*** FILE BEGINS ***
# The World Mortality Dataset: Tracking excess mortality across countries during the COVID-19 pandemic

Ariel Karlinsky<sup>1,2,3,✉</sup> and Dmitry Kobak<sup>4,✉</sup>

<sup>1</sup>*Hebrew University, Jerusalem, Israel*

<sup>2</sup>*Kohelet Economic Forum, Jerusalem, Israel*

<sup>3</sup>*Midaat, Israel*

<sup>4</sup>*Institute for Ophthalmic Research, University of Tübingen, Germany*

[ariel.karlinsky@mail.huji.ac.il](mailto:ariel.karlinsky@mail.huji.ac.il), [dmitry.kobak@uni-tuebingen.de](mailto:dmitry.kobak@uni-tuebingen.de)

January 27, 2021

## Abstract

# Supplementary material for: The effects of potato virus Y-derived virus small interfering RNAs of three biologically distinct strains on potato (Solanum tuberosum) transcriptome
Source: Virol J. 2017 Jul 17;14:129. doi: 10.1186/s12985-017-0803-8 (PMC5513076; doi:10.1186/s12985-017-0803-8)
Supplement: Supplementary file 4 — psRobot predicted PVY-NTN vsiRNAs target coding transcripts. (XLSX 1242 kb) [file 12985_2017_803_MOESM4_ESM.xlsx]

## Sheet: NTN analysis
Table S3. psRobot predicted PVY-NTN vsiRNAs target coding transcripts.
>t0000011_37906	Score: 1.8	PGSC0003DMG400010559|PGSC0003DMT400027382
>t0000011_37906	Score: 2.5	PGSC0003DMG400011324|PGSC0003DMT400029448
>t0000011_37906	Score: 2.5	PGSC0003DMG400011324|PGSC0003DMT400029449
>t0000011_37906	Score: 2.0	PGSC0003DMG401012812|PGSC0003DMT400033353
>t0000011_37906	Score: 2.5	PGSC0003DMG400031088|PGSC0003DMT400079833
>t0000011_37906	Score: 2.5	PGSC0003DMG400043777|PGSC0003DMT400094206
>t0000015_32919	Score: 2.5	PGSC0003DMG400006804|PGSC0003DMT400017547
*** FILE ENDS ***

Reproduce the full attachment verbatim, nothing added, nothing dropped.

# The World Mortality Dataset: Tracking excess mortality across countries during the COVID-19 pandemic

Ariel Karlinsky<sup>1,2,3,✉</sup> and Dmitry Kobak<sup>4,✉</sup>

<sup>1</sup>*Hebrew University, Jerusalem, Israel*

<sup>2</sup>*Kohelet Economic Forum, Jerusalem, Israel*

<sup>3</sup>*Midaat, Israel*

<sup>4</sup>*Institute for Ophthalmic Research, University of Tübingen, Germany*

[ariel.karlinsky@mail.huji.ac.il](mailto:ariel.karlinsky@mail.huji.ac.il), [dmitry.kobak@uni-tuebingen.de](mailto:dmitry.kobak@uni-tuebingen.de)

January 27, 2021

## Abstract

# Supplementary material for: The effects of potato virus Y-derived virus small interfering RNAs of three biologically distinct strains on potato (Solanum tuberosum) transcriptome
Source: Virol J. 2017 Jul 17;14:129. doi: 10.1186/s12985-017-0803-8 (PMC5513076; doi:10.1186/s12985-017-0803-8)
Supplement: Supplementary file 4 — psRobot predicted PVY-NTN vsiRNAs target coding transcripts. (XLSX 1242 kb) [file 12985_2017_803_MOESM4_ESM.xlsx]

## Sheet: NTN analysis
Table S3. psRobot predicted PVY-NTN vsiRNAs target coding transcripts.
>t0000011_37906	Score: 1.8	PGSC0003DMG400010559|PGSC0003DMT400027382
>t0000011_37906	Score: 2.5	PGSC0003DMG400011324|PGSC0003DMT400029448
>t0000011_37906	Score: 2.5	PGSC0003DMG400011324|PGSC0003DMT400029449
>t0000011_37906	Score: 2.0	PGSC0003DMG401012812|PGSC0003DMT400033353
>t0000011_37906	Score: 2.5	PGSC0003DMG400031088|PGSC0003DMT400079833
>t0000011_37906	Score: 2.5	PGSC0003DMG400043777|PGSC0003DMT400094206
>t0000015_32919	Score: 2.5	PGSC0003DMG400006804|PGSC0003DMT400017547